BATS Theatre
January 15-19 | Reviewed by Helen Sims

OTCAPOHCTMAHYL is based on the book by the same name by Richard Meros, which was written when “Aunty Helen” had been the PM for 6 years. Described by Meros as “ridiculous”, Pinfield and Meek have thankfully mined the more humorous and pointedly political content from the book to create an excellent stage play, with extra resonance given it is election year and shortly Helen’s political neck will be on the block. It’s less of a play in the conventional sense as a post-modern power point presentation. We are skilfully guided though the carefully constructed presentation by Meek, playing Meros, in order for him to persuade us of his point – that Helen Clark is in urgent need of a young lover, and the only viable candidate is him. The logic takes some magnificent leaps at some point, but there’s no denying the force of his argument. It’s also the cover for two other thinly veiled messages – the rampant individualism amongst 20-somethings as a product of the “Rogernomics” of a government which Clark was a part of, and the portrayal of Meros as a self-obsessed loner, the “poster-kid” of this generation. Ask not what you can do for your country, but what you can do for yourself!

Meek’s characterisation as Meros is flawless. The “real” Meros is notoriously elusive (check out his Myspace page...) so I’m not sure if he has “read between the lines” of the book or met the genuine article. He slowly builds a picture of Meros that extends beyond this evening, back to the fantasies that have induced a young, recent BA grad from Balclutha, “with maidenhead intact”, to formulate an elaborate theory as to why he is Clark’s much-needed young lover. This young lover is far from the heroic, romantic ideal. Near the end the play takes a forward leap as Meros imagines himself kidnapped to Clark’s stately pleasure dome, at which point the narrative breaks down into a never-ending repetitive explanation of how he has arrived there. Pinfield’s direction is also excellent and there is an obvious eye for detail. I found the pot plant inexplicably creepy. There are a wide enough range of political jokes in there to crack up those who scan the headlines to those who know some Kantian theory. Most political parties come in for a bit of a drubbing, but the play is neutral in its politics, alleging National was formed for the sole purpose of “pillow biting” at the same time as bringing Labour down into the gutter as well.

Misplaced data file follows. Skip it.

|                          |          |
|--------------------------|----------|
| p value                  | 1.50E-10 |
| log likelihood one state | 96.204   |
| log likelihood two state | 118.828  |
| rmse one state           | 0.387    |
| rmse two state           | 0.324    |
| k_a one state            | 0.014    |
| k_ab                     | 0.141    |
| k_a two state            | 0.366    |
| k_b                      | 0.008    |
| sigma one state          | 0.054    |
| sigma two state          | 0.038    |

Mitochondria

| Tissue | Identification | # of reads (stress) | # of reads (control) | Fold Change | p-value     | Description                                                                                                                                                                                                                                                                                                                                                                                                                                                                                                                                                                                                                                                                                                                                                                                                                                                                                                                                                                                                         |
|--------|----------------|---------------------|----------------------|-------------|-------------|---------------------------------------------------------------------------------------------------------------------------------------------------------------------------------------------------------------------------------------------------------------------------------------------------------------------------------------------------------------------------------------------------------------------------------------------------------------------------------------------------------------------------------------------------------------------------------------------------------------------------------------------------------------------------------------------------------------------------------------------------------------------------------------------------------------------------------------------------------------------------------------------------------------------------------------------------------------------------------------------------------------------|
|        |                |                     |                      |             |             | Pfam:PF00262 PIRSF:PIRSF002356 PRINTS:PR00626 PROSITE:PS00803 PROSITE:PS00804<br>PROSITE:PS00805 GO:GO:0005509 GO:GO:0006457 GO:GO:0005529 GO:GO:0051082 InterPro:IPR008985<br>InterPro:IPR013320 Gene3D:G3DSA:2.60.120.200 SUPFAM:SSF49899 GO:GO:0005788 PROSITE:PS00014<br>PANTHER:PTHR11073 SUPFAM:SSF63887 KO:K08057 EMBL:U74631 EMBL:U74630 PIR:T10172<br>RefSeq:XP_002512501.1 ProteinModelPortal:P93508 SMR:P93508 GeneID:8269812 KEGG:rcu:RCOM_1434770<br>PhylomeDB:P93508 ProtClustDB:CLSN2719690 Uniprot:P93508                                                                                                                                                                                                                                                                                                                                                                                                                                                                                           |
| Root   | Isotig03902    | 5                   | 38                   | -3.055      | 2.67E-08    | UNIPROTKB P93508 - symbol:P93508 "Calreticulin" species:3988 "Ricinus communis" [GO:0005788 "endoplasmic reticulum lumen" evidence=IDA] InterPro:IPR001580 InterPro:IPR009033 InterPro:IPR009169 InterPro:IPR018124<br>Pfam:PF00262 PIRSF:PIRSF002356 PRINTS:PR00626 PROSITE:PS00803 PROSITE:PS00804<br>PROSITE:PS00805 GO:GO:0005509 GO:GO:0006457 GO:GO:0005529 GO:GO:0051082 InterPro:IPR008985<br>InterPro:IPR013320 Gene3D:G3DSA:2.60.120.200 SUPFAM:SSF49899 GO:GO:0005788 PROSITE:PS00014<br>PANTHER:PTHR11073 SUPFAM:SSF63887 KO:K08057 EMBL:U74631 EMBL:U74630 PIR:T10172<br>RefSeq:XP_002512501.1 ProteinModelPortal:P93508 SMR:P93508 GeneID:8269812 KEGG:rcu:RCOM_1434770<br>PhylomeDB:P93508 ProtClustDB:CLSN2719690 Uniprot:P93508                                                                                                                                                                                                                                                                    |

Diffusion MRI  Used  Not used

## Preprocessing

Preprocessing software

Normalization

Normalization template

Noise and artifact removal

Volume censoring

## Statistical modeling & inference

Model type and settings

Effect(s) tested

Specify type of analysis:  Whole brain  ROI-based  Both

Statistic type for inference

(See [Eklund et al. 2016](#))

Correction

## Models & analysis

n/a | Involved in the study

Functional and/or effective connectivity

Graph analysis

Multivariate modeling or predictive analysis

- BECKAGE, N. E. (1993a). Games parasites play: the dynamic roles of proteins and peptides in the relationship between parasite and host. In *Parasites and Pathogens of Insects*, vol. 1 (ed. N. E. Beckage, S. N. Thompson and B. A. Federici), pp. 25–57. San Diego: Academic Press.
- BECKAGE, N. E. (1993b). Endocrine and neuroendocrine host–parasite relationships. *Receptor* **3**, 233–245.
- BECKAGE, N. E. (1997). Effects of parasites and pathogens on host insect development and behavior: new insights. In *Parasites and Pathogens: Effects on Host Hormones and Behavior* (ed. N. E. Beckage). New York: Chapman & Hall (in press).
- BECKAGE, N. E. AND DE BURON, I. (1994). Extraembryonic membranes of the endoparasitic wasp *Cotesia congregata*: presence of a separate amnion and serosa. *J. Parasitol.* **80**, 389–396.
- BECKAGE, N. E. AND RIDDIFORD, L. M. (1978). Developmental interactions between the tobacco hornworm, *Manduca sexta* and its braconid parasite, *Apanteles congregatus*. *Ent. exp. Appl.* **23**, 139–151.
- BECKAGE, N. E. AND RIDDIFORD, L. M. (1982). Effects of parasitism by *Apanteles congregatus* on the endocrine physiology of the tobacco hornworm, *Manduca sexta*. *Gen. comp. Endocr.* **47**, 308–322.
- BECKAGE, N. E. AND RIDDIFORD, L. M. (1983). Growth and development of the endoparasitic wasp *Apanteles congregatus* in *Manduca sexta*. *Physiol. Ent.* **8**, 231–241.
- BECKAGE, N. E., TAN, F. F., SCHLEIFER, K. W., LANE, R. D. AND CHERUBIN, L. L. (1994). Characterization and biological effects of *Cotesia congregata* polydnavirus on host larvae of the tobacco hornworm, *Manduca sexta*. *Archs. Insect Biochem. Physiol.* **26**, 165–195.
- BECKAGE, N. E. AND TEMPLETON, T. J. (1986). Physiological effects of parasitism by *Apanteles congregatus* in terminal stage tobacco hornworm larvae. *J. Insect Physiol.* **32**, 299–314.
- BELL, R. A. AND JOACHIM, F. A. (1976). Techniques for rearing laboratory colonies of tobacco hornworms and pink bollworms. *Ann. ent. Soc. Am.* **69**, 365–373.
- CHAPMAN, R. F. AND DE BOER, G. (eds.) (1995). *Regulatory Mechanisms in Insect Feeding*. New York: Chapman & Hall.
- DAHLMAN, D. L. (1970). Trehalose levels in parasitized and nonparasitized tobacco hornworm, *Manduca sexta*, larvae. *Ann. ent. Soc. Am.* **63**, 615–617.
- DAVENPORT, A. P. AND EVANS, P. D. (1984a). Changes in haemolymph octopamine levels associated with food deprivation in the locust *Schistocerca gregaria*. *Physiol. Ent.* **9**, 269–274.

The vision is slightly disturbing, but highly entertaining. It is sharp political satire which we so desperately need more of in New Zealand theatre. I hear that the remainder of the season is sold out – in which case I would lend my voice to calls for a return season and/or this excellent show to tour.